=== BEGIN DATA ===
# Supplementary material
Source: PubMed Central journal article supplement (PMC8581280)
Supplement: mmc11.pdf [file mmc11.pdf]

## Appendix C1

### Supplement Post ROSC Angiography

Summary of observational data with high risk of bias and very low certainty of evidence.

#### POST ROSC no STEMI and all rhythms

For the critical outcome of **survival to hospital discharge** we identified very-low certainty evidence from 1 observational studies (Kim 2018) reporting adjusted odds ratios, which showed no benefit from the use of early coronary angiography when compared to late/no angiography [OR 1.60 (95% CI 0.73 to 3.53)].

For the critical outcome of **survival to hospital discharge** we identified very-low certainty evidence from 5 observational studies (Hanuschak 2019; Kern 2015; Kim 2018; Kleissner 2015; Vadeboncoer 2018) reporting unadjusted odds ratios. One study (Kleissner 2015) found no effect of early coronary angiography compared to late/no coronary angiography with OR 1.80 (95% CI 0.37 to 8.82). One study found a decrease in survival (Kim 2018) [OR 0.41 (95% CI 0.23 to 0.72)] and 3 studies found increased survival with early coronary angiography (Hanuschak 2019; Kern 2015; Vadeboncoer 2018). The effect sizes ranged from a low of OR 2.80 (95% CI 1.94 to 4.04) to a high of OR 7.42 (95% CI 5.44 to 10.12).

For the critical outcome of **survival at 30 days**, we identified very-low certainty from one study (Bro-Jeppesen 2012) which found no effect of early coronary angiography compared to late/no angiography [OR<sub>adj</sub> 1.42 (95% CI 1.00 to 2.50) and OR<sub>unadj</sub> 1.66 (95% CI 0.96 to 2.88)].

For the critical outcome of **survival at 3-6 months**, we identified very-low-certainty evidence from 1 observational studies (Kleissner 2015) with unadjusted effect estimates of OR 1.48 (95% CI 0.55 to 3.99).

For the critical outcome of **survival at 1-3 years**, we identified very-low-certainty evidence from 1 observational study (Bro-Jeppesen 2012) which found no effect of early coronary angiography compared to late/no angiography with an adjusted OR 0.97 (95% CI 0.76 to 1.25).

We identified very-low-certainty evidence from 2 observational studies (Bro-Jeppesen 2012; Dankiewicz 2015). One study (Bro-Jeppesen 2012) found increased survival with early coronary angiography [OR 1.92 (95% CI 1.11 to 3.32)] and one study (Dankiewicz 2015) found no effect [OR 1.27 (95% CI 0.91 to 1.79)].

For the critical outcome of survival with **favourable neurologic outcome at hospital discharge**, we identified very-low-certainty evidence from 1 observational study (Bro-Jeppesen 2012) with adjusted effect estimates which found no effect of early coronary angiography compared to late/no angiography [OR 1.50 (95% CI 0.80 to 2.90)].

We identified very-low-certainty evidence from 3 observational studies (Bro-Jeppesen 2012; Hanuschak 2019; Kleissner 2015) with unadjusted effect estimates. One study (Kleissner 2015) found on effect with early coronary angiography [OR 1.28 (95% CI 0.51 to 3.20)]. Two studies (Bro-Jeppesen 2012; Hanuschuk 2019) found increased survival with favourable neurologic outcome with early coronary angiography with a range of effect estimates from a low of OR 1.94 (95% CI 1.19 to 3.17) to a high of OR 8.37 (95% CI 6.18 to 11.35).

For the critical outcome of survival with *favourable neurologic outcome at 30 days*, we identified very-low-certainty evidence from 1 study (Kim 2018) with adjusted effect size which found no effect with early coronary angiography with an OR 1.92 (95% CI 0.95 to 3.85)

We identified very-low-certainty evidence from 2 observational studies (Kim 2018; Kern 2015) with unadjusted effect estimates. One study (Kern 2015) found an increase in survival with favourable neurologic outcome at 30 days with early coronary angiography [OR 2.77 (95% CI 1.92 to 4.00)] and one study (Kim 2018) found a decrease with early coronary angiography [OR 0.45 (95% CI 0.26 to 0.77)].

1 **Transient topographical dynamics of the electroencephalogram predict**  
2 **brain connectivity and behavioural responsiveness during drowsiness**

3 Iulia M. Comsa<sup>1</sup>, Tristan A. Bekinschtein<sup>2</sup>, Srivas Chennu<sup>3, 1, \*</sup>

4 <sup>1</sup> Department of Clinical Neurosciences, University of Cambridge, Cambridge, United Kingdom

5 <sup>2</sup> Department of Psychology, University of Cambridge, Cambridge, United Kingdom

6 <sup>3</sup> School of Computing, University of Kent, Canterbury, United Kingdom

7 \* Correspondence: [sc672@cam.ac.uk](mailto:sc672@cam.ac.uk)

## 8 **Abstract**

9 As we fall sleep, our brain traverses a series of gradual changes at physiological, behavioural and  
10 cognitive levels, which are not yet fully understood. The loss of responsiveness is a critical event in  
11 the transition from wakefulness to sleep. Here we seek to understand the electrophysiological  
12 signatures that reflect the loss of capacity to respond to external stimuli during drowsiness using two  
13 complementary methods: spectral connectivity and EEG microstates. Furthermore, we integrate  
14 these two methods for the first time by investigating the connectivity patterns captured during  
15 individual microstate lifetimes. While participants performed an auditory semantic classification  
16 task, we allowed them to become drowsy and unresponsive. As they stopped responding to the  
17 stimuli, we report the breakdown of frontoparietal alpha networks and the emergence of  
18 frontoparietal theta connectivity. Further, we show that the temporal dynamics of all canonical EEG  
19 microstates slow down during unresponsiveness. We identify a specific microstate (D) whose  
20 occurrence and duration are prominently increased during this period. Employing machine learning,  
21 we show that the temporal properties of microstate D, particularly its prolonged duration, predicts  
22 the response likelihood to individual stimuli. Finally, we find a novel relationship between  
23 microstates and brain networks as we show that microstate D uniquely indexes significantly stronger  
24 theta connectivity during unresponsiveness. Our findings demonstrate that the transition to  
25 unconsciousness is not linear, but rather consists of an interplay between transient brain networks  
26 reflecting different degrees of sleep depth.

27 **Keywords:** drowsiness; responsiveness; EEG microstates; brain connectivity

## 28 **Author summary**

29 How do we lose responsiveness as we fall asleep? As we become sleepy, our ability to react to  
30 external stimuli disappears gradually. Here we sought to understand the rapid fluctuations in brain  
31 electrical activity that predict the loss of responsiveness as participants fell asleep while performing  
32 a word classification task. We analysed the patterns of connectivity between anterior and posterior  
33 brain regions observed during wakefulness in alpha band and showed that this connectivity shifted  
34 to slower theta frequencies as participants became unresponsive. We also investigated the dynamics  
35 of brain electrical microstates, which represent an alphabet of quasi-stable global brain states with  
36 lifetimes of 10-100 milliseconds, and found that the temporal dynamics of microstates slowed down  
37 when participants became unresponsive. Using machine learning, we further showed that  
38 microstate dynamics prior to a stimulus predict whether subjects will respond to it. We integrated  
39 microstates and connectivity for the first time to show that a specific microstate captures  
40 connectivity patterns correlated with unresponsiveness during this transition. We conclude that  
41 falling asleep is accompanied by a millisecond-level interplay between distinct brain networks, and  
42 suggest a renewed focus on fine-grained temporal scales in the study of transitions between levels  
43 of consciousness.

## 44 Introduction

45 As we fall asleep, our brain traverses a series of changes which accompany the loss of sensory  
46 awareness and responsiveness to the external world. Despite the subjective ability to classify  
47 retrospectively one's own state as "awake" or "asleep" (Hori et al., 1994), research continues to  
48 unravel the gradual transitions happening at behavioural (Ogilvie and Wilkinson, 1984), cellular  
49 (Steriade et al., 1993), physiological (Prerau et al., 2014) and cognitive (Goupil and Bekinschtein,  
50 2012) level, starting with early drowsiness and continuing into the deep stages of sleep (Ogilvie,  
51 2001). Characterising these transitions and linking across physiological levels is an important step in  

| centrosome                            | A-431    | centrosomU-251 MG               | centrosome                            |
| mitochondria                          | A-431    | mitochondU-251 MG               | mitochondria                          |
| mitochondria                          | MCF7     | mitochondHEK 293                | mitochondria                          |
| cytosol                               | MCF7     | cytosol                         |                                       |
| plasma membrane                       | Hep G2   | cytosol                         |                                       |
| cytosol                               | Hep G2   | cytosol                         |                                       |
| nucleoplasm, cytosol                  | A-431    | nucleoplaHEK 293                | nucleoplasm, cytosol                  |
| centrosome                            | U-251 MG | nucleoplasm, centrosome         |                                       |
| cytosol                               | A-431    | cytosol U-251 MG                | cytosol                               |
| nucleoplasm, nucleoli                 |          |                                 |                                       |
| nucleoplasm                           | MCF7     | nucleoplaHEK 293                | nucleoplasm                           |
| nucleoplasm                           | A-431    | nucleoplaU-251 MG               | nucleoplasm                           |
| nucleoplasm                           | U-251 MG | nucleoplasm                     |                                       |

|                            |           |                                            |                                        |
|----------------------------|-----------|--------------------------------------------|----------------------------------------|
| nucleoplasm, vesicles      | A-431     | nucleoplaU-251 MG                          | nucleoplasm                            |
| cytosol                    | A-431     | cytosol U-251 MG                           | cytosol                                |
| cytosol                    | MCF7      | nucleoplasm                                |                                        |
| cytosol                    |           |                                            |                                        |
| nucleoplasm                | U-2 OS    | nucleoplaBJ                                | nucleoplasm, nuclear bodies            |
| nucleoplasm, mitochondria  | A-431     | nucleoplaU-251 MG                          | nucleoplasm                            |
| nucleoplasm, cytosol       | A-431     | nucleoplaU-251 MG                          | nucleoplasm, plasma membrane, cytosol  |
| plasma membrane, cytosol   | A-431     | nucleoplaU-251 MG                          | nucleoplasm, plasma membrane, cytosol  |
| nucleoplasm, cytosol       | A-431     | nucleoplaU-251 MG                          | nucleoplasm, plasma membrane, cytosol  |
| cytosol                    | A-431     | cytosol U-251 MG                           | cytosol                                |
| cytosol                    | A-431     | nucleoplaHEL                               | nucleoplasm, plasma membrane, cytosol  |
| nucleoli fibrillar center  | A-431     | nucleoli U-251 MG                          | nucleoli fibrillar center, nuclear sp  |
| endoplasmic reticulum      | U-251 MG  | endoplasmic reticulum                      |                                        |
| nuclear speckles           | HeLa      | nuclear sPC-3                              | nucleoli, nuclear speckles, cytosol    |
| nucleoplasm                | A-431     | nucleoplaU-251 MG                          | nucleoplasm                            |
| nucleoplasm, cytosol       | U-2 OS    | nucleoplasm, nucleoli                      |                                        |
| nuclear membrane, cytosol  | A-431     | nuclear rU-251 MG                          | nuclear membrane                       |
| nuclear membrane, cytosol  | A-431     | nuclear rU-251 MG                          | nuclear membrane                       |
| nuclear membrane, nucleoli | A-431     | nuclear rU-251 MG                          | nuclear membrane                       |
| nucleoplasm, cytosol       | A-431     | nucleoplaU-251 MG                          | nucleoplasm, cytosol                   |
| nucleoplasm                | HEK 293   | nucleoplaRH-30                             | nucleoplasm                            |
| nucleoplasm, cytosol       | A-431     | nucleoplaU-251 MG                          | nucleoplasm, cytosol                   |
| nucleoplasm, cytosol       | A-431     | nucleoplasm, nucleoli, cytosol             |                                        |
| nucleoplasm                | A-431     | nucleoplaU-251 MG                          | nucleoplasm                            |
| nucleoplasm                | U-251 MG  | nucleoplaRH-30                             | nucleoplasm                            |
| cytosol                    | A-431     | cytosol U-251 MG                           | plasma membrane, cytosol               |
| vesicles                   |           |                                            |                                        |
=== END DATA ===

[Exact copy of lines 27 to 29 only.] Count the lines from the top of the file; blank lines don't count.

10 cognitive levels, which are not yet fully understood. The loss of responsiveness is a critical event in  
11 the transition from wakefulness to sleep. Here we seek to understand the electrophysiological  
12 signatures that reflect the loss of capacity to respond to external stimuli during drowsiness using two  